Almost always fantasy or sci fi. I like disappearing out of "this" world for a little bit each night into some place that couldn't exist.

Although recently I have been reading a novel called Seveneyes. It was recommended to me by a friend who USUALLY has the same taste in books as I do. But this is a story about basically the end of the world and the post-apocalyptic scenario is stressing me out. After just starting the book some "general" (military) in the story asked how many rolls of TP he should hoard for everyone sheltering. I threw my iPad down and texted my friend despite it being late. I had to bitch her out for telling me to read this lol... I am still working on it but I might have to stop. It's getting a little too close to some current events (despite the scenario in the novel being much more dire)


If you mean Seveneves instead of Seveneyes, that book is awesome for the first 75% but the last 25% with all the flinking is awful.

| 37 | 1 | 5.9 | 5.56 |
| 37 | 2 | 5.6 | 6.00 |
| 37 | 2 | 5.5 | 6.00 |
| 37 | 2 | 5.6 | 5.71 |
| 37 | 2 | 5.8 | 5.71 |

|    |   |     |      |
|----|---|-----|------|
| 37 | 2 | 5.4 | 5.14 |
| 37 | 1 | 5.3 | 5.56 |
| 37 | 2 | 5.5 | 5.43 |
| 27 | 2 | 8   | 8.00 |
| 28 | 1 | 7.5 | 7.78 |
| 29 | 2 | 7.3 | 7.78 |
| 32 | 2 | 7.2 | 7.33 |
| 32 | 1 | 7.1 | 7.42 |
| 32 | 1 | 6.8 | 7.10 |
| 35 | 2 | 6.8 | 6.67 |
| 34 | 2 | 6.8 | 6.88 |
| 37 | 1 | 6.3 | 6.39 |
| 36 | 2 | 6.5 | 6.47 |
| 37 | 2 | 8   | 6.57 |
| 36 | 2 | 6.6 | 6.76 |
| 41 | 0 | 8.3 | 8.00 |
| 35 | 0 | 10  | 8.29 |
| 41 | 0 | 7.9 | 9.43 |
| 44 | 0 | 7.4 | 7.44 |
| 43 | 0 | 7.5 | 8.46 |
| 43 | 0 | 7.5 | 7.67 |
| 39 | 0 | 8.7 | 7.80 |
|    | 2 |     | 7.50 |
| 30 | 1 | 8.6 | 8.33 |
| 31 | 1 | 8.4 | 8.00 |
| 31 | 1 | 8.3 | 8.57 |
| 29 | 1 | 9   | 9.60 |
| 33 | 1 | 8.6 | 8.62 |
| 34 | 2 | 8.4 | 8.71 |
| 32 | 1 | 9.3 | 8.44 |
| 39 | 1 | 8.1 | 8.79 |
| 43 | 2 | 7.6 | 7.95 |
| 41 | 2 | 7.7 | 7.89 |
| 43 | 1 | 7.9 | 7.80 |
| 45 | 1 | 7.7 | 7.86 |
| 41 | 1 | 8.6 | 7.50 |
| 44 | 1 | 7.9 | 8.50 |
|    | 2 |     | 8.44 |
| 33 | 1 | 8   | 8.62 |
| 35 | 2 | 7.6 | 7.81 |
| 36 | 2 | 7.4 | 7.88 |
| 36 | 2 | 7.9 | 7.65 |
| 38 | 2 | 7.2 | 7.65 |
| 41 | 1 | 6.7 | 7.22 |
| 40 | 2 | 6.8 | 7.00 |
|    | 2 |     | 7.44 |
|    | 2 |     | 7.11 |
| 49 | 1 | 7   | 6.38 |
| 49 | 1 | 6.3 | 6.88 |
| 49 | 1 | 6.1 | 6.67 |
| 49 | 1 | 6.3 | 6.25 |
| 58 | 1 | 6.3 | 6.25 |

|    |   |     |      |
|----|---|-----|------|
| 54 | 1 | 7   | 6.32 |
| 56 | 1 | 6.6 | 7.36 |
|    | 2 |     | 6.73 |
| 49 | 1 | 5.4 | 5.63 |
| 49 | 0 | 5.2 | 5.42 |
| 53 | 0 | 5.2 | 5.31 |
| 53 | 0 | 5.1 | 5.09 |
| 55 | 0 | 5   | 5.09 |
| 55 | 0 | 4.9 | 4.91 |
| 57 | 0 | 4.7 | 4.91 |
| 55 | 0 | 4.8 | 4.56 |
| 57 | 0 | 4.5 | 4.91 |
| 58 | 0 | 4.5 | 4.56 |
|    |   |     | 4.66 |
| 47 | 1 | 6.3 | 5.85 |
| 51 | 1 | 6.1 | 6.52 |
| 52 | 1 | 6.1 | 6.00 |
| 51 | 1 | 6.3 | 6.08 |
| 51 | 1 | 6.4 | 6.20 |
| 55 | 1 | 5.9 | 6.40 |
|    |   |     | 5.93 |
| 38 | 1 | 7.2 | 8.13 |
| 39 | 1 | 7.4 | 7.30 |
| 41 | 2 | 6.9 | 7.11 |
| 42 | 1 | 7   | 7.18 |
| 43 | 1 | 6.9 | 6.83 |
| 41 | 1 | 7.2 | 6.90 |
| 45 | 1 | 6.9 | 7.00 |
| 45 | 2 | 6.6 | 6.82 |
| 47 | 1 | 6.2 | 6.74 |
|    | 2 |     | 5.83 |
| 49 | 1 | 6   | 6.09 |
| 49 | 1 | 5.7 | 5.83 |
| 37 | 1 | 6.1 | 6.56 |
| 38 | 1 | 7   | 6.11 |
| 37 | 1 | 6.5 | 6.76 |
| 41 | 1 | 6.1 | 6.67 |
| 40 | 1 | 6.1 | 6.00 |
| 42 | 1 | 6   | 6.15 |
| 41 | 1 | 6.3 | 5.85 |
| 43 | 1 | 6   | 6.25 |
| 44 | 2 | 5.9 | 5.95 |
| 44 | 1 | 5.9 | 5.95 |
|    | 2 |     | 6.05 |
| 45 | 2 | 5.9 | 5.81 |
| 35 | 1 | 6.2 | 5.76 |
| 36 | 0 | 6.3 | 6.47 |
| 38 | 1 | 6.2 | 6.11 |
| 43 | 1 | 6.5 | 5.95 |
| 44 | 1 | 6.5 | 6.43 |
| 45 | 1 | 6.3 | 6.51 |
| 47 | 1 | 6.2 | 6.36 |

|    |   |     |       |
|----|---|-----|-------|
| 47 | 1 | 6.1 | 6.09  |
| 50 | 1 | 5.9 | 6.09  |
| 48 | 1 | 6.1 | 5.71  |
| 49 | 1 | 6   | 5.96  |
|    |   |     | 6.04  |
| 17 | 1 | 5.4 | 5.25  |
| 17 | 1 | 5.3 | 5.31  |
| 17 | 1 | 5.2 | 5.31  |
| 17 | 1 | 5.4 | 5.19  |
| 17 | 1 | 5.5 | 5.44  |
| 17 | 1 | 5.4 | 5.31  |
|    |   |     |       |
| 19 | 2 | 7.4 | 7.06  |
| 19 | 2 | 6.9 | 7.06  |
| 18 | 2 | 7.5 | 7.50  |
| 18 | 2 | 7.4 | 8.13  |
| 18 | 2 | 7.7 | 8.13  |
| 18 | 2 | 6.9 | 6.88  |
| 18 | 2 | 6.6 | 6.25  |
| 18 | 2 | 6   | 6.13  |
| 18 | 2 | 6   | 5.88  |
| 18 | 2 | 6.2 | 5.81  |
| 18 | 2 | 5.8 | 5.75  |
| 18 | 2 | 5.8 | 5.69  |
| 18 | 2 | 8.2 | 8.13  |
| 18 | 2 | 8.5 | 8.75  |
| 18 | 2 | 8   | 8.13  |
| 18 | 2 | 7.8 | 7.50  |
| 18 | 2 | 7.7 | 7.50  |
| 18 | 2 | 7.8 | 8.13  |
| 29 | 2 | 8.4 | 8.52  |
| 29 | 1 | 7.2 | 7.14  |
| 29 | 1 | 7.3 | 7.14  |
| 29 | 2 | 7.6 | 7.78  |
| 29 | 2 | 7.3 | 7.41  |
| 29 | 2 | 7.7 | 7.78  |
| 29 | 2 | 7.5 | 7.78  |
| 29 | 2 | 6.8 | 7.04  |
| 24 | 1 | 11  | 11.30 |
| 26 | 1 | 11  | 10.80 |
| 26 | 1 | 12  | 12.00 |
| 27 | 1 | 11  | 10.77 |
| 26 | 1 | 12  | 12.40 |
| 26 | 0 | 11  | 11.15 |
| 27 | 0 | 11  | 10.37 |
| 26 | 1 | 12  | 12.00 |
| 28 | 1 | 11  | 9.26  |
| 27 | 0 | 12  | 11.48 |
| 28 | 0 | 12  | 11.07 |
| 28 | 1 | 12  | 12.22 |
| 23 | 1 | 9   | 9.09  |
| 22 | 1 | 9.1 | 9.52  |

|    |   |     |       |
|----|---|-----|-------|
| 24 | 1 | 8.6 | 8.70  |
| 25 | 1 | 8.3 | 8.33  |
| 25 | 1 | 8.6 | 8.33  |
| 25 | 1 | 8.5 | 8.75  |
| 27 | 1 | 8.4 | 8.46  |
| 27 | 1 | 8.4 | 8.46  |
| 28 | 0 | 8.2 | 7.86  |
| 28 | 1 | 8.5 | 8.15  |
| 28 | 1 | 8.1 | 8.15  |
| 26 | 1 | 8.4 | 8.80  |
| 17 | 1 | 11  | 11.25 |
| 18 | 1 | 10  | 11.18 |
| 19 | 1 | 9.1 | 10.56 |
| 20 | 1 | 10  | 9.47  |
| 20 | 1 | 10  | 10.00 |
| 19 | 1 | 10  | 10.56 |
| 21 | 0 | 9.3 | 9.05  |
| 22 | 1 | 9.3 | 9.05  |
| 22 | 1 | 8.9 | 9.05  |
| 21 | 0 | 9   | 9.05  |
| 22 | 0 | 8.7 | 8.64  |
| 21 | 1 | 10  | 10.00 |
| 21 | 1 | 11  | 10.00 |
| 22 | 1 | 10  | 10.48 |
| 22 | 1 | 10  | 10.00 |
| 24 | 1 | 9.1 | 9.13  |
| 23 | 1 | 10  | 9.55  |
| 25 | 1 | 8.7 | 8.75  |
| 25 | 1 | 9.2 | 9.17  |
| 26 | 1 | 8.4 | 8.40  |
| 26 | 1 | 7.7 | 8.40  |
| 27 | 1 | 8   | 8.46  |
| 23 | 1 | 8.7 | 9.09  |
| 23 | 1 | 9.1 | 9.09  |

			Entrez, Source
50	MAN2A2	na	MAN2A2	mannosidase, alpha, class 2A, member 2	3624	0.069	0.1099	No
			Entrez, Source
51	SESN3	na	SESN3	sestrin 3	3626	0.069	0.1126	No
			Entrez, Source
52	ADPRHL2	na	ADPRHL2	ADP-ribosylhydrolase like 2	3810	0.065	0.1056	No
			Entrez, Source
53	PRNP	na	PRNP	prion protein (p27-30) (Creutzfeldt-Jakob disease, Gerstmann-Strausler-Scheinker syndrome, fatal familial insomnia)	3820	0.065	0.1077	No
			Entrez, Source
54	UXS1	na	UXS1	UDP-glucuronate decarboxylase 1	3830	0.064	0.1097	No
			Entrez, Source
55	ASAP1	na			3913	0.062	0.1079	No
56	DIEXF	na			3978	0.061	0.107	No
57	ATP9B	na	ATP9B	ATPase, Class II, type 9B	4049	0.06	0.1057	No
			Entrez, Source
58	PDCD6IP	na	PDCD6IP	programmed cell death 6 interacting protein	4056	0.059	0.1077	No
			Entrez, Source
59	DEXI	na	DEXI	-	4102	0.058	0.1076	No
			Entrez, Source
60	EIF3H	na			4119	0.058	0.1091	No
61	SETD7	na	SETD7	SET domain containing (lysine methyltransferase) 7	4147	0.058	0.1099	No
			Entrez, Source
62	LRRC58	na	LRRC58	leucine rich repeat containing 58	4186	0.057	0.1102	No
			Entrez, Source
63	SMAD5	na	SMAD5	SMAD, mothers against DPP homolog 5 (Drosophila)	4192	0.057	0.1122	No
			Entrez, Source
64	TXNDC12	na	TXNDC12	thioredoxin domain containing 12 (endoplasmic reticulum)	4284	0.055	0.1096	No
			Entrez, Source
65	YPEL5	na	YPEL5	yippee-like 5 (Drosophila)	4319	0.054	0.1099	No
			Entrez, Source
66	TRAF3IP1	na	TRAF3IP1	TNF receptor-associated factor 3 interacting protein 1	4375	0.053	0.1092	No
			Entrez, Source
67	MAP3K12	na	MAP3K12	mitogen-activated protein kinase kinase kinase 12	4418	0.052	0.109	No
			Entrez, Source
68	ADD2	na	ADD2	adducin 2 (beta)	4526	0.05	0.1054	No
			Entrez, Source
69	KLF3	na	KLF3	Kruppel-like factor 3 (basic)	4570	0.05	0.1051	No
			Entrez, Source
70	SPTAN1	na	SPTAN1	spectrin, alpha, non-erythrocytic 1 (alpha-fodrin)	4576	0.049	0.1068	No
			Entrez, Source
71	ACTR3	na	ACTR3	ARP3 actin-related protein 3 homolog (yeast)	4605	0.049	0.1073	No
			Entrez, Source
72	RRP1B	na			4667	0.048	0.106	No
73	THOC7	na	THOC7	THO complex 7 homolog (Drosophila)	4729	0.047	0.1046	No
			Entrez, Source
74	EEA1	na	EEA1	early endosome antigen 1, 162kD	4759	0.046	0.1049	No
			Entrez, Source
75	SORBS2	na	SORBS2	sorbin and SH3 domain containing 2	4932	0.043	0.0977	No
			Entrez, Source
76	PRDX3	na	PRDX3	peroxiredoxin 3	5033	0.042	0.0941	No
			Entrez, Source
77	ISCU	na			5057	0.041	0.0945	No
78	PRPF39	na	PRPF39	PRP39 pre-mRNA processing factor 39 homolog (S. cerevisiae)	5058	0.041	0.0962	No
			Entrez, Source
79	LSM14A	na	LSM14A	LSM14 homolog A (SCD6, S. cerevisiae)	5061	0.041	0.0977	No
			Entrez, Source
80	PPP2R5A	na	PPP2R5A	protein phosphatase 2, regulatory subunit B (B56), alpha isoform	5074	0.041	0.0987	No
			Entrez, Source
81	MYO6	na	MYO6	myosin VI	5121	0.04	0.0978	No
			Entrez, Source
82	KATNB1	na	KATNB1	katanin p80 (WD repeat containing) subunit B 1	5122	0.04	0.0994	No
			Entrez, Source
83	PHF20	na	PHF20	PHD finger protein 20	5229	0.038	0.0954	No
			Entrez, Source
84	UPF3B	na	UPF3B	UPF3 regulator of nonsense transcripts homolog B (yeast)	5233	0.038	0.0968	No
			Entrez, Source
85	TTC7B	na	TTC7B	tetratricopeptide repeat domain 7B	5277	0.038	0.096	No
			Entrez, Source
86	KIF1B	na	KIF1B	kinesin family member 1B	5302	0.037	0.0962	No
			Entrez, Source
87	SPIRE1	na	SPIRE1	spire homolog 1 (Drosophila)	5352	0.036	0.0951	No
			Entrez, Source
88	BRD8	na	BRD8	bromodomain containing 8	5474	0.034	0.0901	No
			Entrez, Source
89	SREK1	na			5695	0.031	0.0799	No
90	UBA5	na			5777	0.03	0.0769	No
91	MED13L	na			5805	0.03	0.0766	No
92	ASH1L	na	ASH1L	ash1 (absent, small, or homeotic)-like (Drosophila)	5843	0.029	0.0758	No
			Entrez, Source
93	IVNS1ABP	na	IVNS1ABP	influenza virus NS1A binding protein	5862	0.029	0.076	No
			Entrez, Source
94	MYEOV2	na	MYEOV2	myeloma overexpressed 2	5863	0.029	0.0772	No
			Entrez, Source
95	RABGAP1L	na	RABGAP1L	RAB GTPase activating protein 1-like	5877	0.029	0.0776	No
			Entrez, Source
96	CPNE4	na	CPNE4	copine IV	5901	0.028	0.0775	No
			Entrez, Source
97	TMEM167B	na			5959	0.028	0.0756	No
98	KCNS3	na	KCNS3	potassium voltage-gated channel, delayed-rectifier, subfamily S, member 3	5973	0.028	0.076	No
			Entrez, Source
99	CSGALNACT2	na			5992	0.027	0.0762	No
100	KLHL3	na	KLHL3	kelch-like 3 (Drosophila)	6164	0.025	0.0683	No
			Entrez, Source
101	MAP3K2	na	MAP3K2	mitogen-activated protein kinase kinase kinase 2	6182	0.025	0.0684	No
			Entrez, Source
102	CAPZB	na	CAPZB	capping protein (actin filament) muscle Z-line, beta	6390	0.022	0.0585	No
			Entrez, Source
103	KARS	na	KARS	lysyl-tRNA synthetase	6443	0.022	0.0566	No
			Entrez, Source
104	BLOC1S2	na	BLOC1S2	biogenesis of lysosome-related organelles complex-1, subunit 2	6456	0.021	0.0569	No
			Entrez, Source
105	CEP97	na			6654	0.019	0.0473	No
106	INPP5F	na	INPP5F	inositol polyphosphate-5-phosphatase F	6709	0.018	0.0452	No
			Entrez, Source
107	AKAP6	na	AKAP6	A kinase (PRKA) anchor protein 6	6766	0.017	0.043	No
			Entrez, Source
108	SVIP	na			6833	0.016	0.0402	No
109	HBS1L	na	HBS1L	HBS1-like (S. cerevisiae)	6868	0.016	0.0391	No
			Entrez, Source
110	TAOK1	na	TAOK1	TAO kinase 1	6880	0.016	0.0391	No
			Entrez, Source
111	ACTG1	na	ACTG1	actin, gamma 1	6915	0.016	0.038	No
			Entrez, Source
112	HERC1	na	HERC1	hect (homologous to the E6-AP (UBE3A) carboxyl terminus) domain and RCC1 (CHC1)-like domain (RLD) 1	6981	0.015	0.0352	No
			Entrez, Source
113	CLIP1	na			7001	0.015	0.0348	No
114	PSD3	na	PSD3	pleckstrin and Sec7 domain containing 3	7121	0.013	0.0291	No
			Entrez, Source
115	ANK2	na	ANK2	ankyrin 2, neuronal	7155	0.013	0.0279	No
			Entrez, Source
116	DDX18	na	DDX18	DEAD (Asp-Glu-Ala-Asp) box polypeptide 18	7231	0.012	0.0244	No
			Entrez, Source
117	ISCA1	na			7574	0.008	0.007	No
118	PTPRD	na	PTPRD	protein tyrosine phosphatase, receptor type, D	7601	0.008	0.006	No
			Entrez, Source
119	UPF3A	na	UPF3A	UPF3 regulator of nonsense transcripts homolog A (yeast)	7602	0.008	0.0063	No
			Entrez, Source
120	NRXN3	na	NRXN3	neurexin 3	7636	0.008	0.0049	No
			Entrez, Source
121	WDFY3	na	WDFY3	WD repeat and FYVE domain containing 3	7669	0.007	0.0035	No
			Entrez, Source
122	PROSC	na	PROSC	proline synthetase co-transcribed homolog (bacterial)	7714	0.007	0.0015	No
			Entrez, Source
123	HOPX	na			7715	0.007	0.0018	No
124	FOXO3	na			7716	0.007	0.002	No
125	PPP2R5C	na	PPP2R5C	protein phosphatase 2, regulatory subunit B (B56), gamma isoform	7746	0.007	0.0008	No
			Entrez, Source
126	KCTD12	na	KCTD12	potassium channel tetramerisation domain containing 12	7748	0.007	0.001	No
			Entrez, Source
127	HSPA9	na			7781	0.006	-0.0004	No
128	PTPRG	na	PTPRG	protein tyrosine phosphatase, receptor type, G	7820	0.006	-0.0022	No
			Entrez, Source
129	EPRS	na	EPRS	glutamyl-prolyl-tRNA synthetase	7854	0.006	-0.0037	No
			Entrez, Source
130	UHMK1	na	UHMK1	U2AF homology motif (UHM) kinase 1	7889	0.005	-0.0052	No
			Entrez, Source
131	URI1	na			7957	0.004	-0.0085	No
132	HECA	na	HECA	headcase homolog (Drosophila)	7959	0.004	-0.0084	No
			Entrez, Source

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#20 inv

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Posted 28 April 2020 - 06:16 PM

I'm not big on fantasy or sci-fi at all, but this sounds pretty freakin' epic.

It's worth checking out.  A bunch of old guys once well famous have to come out of retirement for one last impossible tour.   There's plenty of humor and nods to the original (funny how drummers bards have a bad habit of dying!).  But this one surprised me in that it had a lot of heart  - the way the characters interact and treat each other is heartwarming. 

 

I've got the grey bastards on tap.


You teach any Brandon Richardson? Wrote altered carbon, and the steel remains series? Good shit.

I grabbed book 1 along with The Forever War but haven't had a chance to dive in. They're on the pile!

 

The Grey Bastards was pretty fun, finished it on Sunday. It was the authori's debut, so I'm definitely keeping an eye on him for some of his future work.  I'll pick up the sequel that just came out once it goes on sale